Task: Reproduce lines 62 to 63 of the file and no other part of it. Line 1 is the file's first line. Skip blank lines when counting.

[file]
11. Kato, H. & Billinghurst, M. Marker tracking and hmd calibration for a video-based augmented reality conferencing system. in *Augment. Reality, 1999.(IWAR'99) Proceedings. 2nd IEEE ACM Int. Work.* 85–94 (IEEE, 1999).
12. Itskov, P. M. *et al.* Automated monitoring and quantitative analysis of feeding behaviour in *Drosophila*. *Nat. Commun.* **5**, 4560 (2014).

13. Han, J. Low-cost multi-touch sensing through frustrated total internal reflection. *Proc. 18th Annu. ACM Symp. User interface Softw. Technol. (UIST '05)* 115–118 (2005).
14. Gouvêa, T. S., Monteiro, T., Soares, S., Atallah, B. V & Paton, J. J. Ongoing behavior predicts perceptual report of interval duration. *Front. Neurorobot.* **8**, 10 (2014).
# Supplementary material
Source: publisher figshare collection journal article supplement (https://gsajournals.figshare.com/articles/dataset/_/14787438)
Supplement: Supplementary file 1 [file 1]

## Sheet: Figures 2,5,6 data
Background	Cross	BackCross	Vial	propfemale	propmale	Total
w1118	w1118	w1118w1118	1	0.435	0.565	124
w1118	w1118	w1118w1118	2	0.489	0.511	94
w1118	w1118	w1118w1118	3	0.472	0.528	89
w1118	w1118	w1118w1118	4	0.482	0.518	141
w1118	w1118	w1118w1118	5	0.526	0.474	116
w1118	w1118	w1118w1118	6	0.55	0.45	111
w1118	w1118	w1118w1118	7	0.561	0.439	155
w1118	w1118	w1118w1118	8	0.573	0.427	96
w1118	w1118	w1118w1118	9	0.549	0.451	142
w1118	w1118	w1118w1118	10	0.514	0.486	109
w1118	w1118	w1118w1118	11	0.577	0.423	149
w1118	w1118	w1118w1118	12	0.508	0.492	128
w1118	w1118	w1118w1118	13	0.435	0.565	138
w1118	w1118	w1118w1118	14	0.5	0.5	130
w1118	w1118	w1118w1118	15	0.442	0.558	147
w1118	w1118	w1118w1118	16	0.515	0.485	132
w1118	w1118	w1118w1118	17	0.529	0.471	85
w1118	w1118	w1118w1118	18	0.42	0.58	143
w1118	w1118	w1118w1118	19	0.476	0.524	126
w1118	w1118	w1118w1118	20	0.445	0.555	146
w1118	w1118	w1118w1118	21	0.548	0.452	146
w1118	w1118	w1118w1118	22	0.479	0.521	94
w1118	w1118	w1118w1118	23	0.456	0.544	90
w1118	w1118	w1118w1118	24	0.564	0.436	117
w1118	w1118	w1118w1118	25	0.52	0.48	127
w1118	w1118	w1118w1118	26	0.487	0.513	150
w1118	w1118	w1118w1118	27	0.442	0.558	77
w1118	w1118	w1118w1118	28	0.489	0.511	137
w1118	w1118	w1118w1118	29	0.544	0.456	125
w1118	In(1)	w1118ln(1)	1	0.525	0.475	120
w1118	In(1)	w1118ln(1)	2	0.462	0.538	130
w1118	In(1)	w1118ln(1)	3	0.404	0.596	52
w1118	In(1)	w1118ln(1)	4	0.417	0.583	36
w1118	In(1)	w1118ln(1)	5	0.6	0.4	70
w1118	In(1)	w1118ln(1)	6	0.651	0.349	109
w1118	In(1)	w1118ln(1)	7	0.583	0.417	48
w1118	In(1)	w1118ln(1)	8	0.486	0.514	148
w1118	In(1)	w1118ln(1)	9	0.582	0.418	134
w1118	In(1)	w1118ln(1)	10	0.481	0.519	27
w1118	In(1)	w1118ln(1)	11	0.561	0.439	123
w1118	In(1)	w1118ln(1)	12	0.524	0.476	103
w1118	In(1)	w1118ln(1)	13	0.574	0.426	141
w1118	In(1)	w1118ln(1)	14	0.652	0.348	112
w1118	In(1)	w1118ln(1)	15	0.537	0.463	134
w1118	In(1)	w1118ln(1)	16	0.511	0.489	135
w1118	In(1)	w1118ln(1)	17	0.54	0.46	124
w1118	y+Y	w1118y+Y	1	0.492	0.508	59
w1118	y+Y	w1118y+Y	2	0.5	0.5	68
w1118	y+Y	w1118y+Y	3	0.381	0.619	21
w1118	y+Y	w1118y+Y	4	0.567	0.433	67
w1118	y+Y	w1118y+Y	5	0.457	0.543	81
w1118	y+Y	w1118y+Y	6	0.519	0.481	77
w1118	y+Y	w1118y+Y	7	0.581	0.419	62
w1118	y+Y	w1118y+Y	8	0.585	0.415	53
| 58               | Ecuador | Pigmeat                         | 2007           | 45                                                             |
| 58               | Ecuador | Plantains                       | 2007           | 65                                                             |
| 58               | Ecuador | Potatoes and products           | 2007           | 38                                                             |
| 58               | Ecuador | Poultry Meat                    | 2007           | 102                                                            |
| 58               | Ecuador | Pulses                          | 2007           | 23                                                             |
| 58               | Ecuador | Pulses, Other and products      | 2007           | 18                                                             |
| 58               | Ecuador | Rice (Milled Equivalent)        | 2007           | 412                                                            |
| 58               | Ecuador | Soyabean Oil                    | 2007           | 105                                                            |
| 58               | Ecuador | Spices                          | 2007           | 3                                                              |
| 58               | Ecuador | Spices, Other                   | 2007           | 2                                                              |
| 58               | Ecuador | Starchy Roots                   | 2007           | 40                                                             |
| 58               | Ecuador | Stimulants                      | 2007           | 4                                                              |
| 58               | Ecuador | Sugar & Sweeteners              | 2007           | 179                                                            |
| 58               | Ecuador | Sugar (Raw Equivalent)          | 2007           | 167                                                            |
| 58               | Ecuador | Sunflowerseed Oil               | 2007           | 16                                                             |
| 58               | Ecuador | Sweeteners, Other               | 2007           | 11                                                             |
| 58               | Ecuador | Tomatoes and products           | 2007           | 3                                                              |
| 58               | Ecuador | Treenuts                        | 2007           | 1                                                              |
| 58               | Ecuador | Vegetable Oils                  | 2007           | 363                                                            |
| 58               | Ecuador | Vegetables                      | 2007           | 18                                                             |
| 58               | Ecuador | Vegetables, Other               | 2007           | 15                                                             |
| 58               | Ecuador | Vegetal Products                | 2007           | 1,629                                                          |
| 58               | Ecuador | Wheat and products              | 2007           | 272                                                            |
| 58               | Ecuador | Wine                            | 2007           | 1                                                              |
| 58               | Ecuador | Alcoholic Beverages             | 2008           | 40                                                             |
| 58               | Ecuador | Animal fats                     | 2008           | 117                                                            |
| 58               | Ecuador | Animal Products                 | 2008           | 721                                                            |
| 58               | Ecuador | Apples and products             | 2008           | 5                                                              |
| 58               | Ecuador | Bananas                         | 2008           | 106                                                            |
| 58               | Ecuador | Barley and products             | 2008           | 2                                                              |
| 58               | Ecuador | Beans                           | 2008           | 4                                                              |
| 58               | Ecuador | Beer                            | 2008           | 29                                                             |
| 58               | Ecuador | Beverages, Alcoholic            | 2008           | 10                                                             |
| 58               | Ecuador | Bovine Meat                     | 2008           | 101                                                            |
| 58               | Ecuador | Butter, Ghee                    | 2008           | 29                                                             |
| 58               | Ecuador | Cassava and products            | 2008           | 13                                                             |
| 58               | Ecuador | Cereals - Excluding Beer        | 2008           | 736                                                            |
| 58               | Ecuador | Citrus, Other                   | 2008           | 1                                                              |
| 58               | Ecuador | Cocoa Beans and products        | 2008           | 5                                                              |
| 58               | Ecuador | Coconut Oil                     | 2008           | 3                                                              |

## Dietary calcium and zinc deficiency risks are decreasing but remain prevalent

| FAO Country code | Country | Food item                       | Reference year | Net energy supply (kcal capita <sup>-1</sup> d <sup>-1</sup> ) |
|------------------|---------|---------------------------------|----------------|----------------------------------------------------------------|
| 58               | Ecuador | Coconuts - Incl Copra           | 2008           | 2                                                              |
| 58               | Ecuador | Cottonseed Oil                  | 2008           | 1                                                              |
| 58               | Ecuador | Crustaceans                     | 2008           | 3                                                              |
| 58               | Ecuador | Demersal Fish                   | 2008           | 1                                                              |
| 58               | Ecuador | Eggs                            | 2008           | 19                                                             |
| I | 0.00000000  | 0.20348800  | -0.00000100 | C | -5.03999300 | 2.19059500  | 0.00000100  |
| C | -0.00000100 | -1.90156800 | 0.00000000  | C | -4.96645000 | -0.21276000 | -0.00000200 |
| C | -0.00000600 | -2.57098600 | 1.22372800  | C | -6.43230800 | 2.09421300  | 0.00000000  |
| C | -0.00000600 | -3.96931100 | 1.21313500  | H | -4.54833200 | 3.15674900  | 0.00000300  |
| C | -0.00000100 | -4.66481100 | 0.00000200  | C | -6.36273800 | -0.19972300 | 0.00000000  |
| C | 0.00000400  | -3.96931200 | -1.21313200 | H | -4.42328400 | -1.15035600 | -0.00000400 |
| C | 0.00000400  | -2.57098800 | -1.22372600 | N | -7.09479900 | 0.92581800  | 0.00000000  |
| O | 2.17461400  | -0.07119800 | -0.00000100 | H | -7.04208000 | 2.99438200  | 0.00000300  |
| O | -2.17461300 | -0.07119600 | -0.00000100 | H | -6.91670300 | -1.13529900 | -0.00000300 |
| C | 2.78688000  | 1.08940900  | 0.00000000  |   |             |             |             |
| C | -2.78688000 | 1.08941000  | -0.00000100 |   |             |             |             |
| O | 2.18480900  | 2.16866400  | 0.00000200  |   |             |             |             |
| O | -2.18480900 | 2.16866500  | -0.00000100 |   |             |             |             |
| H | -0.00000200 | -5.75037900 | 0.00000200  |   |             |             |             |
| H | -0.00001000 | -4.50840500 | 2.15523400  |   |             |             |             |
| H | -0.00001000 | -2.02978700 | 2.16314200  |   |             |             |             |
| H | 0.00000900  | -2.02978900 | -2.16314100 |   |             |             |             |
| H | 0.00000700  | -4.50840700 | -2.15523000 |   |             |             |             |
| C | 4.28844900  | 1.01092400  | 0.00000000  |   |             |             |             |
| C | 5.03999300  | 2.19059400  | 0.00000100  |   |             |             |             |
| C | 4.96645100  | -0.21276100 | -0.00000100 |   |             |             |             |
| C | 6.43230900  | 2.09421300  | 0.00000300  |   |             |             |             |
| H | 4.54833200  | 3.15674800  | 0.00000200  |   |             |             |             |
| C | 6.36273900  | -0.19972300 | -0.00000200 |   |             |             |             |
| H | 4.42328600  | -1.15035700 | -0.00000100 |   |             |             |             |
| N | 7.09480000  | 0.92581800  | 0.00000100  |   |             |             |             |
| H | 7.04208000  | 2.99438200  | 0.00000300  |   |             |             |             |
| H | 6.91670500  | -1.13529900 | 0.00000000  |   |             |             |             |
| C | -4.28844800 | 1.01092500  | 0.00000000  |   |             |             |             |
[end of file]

w1118	y+Y	w1118y+Y	7	0.581	0.419	62
w1118	y+Y	w1118y+Y	8	0.585	0.415	53